Several weeks ago someone in my family passed away. It came very quickly out of the blue. The person who passed away lived in another state, and my family (wife, children) spent basically the entire summer there, dealing with it. I feel as if I’ve just come off of a three-month hardship deployment.
The whole experience caused me to reflect on what it all means for me as a professional disaster responder.
First, simply a renewed and deepened respect for disaster survivors, for those who make it through to the other end of a war or natural disaster of some kind, still alive, still picking up the pieces and having a go at rebuilding. As professed humanitarians I think we too often under appreciate what our beneficiaries are going through. In the midst of our own often very real personal drama, it is easy to forget or never know in the first place just how hard it is for those we are trying to help and how much strength and courage it takes for them to soldier on. Just saying.
Over the summer I was repeatedly hit in the face with the reality of just how debilitating the loss of a family member was and is. And perversely just how much work – actual work – it is to deal with it all: the forms that have to be filled in, the waits in lobbies or on the telephone, the lawyers who have to be dealt with, the documents that have to be filed, arrangements, clean-up, not to mention the real financial cost of it all… All in a context with every conceivable advantage: Rule of law, no rebel snipers or Apache helicopters shooting at us, a working banking system, access to modern communication, extended family nearby to offer support, the ability to take paid leave, a supportive community, clear land tenure and inheritance laws… The death of just one family member was almost paralyzing. I cannot imagine what it must be like to add to that the chaos of a war or disaster zone, and maybe the death of more than only one family member.
The time-critical nature of disaster response. I’m not talking so much about “children will die unless you text to this number immediately”, because in the majority of cases NGO disaster response does not stave off imminent death. I am saying that we need to not waste the time of disaster survivors. We need to not tie them up in meetings or lengthy mobilization; we need to move quickly from assessment to action. It’s hard to overstate this. Time is something that disaster survivors just don’t have a lot of, especially early on. They’re searching for family members, looking for food, trying to find information, burying their dead, salvaging and protecting what’s left of their property, trying to leave the area, watching over their children, or any number of other things.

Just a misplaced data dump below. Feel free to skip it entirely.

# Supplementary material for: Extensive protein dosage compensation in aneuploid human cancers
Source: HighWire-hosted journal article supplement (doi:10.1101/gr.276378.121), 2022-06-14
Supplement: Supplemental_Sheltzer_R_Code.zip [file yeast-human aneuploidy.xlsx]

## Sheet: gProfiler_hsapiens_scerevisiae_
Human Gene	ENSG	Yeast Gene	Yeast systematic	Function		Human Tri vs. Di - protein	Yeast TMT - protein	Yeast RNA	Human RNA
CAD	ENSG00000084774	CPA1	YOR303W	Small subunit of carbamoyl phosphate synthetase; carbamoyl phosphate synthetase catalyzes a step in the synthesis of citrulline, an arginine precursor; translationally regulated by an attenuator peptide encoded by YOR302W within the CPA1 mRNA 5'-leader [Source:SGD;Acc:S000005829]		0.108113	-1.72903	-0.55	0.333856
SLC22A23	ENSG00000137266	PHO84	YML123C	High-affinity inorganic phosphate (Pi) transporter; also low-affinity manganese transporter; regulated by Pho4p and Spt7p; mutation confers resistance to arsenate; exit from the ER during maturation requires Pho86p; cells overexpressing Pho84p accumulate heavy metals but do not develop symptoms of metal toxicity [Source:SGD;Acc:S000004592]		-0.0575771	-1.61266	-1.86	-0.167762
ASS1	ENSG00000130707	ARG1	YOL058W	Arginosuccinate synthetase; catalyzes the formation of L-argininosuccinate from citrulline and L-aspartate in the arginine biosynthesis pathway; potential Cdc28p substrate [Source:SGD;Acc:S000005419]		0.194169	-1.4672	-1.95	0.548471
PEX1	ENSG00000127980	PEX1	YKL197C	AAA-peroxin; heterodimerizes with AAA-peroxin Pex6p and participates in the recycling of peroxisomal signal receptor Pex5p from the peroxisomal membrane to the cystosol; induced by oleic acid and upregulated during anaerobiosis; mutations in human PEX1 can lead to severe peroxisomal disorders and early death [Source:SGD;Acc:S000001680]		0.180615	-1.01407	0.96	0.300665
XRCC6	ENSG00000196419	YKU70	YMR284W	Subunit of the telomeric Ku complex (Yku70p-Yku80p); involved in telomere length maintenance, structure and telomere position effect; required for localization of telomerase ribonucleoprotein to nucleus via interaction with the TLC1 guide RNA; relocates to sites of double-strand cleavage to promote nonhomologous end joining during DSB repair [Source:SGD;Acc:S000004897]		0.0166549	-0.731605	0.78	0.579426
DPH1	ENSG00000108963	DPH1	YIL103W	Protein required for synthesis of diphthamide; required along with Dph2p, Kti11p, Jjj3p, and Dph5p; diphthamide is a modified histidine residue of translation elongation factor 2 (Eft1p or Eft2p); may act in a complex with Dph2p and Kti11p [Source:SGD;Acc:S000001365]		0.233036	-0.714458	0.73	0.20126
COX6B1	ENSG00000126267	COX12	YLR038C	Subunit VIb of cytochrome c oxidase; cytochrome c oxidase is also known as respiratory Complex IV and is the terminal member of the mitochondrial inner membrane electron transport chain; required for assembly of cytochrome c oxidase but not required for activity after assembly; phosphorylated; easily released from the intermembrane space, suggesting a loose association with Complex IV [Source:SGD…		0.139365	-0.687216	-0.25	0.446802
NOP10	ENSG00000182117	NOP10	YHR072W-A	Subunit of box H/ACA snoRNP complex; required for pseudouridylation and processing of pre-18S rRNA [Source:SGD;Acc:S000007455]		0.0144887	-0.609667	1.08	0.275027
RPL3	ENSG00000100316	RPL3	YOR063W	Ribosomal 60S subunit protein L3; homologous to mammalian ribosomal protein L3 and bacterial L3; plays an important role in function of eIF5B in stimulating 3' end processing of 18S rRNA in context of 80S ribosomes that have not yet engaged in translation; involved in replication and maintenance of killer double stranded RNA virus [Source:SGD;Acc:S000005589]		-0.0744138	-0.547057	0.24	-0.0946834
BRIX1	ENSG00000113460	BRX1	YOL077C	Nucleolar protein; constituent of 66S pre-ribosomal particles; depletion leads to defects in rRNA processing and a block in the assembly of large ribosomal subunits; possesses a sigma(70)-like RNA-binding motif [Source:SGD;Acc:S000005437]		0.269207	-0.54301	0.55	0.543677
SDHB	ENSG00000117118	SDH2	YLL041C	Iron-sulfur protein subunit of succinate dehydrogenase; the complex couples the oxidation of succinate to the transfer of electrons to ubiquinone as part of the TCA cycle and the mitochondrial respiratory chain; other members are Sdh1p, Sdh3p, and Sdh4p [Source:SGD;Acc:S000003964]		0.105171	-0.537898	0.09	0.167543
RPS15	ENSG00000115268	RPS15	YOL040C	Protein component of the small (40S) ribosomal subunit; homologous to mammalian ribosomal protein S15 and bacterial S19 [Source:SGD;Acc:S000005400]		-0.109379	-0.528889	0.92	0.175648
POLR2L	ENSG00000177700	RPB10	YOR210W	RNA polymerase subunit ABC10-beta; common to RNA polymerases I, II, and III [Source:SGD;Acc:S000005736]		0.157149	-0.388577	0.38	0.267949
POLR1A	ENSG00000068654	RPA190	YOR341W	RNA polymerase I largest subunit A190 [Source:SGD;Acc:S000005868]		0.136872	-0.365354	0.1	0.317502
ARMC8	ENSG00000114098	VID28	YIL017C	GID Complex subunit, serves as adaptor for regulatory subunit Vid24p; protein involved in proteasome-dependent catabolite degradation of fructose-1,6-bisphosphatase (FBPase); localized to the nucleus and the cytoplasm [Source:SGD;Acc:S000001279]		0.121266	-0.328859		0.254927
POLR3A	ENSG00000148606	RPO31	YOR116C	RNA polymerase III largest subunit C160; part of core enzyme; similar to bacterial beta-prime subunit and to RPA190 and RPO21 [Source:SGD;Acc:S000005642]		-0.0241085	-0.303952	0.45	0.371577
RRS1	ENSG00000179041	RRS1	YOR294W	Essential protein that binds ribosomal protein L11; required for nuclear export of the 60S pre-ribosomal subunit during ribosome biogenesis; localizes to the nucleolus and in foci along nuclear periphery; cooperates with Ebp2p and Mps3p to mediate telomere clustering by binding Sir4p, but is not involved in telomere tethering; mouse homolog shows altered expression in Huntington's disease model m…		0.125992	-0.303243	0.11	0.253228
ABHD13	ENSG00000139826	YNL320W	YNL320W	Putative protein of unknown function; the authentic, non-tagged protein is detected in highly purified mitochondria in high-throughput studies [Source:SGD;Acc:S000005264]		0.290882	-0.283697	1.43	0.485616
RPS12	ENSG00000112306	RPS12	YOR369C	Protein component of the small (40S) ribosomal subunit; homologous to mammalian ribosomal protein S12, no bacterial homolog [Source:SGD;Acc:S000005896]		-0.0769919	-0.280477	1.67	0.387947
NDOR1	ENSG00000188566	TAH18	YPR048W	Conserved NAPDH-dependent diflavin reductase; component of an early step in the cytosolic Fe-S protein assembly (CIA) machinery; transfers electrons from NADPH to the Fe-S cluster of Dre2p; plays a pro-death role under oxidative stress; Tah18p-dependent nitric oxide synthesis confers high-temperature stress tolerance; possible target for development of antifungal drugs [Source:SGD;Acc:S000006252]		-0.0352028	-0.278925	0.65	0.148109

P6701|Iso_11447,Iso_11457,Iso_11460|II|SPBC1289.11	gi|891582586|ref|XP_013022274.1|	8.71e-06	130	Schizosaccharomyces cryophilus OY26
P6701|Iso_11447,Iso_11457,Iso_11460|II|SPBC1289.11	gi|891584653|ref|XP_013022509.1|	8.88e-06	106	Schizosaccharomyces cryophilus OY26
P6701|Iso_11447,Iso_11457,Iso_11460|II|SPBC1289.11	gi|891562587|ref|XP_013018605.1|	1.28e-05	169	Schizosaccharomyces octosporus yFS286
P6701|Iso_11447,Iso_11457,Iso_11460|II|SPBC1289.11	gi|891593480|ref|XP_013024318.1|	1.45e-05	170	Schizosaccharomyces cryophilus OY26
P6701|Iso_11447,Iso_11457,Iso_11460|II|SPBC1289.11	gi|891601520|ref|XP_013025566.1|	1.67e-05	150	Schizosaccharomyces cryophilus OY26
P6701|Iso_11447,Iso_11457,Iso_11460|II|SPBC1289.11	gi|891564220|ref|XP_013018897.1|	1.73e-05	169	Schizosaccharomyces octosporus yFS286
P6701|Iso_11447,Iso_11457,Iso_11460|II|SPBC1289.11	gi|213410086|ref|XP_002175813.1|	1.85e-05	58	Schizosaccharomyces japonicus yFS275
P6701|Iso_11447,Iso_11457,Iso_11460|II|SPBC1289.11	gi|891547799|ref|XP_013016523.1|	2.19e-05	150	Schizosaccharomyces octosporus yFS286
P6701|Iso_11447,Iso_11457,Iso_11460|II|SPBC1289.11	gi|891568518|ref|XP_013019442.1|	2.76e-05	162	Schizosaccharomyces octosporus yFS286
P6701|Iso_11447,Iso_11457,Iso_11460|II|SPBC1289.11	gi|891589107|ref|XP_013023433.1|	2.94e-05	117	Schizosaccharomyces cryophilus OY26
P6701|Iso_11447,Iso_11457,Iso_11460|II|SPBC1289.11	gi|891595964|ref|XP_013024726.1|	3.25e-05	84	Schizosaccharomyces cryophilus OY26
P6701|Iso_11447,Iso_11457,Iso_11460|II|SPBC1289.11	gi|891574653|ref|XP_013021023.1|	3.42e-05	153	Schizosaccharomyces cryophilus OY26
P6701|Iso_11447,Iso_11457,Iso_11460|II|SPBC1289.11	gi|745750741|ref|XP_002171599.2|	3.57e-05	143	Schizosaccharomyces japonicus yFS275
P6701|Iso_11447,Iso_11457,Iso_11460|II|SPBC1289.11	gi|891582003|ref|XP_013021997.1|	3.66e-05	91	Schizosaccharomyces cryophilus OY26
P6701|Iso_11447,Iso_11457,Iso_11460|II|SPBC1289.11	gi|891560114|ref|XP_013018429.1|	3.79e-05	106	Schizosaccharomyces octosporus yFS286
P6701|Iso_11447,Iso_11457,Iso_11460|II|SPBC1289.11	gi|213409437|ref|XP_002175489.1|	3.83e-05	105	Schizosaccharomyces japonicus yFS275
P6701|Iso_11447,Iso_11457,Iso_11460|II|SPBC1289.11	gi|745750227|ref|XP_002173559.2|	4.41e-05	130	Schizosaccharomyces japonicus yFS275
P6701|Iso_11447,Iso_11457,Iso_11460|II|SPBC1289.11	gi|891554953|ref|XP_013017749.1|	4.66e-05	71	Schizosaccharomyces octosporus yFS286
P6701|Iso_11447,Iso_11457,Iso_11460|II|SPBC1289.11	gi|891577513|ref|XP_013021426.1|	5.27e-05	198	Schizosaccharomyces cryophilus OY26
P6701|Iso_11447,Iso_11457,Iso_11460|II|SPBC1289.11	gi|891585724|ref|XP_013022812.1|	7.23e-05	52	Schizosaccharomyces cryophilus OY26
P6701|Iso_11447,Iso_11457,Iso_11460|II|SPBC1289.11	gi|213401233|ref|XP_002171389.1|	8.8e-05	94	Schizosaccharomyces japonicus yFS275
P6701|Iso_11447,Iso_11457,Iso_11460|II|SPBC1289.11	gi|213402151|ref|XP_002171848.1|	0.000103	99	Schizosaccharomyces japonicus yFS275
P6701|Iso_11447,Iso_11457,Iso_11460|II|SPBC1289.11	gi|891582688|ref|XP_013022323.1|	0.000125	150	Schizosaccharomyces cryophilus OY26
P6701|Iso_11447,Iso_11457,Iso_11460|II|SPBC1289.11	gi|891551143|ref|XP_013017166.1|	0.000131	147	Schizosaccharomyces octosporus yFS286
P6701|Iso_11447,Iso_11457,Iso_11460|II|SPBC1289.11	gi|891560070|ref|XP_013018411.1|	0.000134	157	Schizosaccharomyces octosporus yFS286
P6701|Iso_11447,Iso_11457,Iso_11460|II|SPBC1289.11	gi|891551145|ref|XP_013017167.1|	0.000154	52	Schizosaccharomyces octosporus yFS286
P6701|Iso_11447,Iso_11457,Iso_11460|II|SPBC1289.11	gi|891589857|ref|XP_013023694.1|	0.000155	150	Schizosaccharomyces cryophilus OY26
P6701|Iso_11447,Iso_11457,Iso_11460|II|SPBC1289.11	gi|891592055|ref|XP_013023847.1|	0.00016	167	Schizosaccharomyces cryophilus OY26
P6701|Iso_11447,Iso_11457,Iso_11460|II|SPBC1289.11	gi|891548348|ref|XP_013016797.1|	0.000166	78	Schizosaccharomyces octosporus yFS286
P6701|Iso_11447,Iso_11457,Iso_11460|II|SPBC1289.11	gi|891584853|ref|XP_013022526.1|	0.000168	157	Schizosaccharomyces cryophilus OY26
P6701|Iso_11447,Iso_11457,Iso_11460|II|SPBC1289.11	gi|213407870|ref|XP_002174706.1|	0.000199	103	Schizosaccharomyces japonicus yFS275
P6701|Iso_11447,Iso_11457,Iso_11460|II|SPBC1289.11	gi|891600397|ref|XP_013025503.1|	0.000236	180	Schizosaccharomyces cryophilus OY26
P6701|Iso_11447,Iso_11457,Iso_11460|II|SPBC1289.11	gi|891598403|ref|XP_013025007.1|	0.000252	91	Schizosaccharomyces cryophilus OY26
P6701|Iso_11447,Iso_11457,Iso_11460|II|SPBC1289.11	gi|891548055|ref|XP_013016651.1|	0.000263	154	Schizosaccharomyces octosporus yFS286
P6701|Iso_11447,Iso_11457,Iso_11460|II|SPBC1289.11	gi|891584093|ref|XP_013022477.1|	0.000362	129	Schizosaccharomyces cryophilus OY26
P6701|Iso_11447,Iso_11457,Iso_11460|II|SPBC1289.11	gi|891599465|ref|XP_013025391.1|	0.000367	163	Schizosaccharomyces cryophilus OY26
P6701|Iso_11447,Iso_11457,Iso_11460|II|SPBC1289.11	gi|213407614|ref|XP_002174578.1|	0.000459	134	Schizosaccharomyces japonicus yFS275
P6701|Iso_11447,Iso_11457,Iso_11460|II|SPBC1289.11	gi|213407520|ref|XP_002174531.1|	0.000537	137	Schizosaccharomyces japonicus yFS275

While I can appreciate the “long-term development” and “disaster response” overlap or closely link together theoretically and programmatically, they are worlds apart operationally. The days and maybe weeks (depending on the magnitude) following a disaster are not the time bog down in the lengthy assessments, analyses or intensive processes which would normally be the standard in community development (do assessments and follow good process – just not lengthy ones). If we want to really help disaster survivors, we need to not waste their time. We need to get in there, make decisions quickly, and get the NFIs or the food aid or the cash transfers done.